I expected to get something, but of course, I knew there was some room for failure.

So let’s we backtrack just for a second to when you arrived the first time in Russia, with what kind of expectations did you arrive there? Because Leopards and Tigers are so rare and elusive, did you think you could manage to get a photograph of them?

Yes, I was hopeful. You’re never sure of what you are going to get. It’s the same thing with any big cat project. Therefore I knew it was going to be complicated. Especially in Russia, because it’s difficult to exchange information over email and phone. But one thing I knew was that I was in the right place. And also in good hands. I was working with the best scientists in that field. I expected to get something, but of course, I knew there was some room for failure.

How long did you stay there?

I stayed two times, two months. So four months in total.

Did you pre-visualize your photographs? Also for your photo stories, I mean your photo stories consist of wildlife, portraits of people and the environment.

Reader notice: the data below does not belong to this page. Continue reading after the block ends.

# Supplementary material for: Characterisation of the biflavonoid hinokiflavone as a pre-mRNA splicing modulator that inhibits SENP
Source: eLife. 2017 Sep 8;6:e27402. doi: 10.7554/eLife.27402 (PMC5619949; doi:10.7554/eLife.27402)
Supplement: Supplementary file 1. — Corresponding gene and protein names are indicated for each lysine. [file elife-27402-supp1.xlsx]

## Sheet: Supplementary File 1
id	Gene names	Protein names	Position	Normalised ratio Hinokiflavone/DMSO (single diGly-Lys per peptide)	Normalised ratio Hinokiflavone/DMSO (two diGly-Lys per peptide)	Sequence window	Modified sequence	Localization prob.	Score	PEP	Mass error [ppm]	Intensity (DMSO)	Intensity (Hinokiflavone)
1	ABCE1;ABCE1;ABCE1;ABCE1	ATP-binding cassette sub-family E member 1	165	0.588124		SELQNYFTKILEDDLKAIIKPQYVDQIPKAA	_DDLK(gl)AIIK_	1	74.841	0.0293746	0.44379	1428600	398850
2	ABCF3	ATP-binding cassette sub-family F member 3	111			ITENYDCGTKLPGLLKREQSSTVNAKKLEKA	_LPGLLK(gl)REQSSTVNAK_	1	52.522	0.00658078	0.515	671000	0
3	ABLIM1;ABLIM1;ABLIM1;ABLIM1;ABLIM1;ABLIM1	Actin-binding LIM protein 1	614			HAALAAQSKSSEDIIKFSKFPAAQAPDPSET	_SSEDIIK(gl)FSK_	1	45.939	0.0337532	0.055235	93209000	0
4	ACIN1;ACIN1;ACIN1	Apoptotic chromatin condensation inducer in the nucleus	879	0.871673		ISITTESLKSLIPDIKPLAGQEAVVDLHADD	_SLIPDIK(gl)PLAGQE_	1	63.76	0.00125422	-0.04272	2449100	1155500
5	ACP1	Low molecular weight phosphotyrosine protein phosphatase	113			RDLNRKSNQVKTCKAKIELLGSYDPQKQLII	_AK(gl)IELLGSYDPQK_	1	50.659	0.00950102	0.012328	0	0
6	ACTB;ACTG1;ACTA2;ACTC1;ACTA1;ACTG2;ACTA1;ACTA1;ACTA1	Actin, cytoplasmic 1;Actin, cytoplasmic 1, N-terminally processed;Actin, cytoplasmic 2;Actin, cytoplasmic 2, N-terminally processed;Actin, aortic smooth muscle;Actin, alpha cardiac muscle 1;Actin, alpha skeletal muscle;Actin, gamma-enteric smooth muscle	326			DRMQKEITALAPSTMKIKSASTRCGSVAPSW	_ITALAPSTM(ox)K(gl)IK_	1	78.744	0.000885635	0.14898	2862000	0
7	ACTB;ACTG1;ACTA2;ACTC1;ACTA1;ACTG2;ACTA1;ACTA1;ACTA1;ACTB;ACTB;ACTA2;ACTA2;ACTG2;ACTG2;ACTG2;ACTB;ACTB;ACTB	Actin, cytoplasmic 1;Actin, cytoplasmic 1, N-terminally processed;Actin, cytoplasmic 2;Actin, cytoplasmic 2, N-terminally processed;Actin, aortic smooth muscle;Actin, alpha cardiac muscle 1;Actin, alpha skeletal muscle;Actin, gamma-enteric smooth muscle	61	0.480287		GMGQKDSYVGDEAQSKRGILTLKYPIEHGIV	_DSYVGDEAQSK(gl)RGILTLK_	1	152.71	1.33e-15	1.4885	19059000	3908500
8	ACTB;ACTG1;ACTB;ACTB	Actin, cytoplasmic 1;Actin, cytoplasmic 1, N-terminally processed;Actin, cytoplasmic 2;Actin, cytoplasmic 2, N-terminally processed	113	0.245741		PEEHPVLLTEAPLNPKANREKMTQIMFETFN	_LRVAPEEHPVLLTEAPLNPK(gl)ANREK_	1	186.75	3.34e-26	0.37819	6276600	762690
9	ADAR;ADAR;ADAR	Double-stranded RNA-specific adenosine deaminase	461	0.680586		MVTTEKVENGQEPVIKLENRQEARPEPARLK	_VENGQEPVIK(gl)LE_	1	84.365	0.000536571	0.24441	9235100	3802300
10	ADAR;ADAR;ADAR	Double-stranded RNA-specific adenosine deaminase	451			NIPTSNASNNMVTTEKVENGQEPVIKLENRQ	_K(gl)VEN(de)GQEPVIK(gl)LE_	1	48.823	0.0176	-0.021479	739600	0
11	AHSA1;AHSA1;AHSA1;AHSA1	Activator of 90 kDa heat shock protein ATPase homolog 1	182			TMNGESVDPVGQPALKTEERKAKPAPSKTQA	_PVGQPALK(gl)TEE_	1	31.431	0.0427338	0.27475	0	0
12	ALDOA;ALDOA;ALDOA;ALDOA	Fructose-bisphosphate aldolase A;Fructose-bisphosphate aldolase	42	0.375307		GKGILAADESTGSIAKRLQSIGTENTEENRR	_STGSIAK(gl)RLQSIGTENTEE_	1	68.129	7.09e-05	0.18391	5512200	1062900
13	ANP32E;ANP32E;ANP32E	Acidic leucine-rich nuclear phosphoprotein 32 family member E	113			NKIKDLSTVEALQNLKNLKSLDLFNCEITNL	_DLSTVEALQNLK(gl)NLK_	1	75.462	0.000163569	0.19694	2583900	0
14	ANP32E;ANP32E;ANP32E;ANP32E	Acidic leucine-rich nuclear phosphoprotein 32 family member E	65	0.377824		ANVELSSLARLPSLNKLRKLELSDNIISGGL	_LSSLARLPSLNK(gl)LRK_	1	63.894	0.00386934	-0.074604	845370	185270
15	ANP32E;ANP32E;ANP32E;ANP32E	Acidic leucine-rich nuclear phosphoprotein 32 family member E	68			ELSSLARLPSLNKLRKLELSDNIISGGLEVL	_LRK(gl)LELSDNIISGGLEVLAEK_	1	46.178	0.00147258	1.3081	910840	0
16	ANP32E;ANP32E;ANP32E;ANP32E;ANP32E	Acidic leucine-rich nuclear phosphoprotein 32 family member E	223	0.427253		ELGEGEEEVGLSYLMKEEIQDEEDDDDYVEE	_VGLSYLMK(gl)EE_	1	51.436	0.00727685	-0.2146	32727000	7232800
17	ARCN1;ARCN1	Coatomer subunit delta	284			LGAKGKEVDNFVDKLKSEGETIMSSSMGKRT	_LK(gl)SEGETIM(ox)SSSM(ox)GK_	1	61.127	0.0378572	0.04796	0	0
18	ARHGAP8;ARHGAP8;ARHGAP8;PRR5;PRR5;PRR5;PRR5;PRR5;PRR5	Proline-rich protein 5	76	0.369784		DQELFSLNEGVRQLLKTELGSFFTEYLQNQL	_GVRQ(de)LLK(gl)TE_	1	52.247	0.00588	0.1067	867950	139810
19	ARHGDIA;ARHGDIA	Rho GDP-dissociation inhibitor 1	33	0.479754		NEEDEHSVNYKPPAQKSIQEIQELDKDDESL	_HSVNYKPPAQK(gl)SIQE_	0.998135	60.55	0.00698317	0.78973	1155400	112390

The way I work is that I work on a story. It’s always difficult to write the story before you go on location, of course, but I have ideal images in my mind. Not only of the wildlife and the tigers and leopards but also of the people and the culture. You know, you imagine things. Usually, in the first couple of weeks, I try to understand what the situation is, and what the real story is to tell. I am then writing a story line with like 20 images. My work for those two months is to get those 20 images. And in those 20 images, for example for the leopard story, there is clearly a ranger taking a Russian bath, because it’s a part of the Russian culture, there is clearly an Amur Leopard that I want to photograph in a certain way, etc… So, I am actually writing a kind of a storyboard of the things that I would like to have. And then I try to make those images.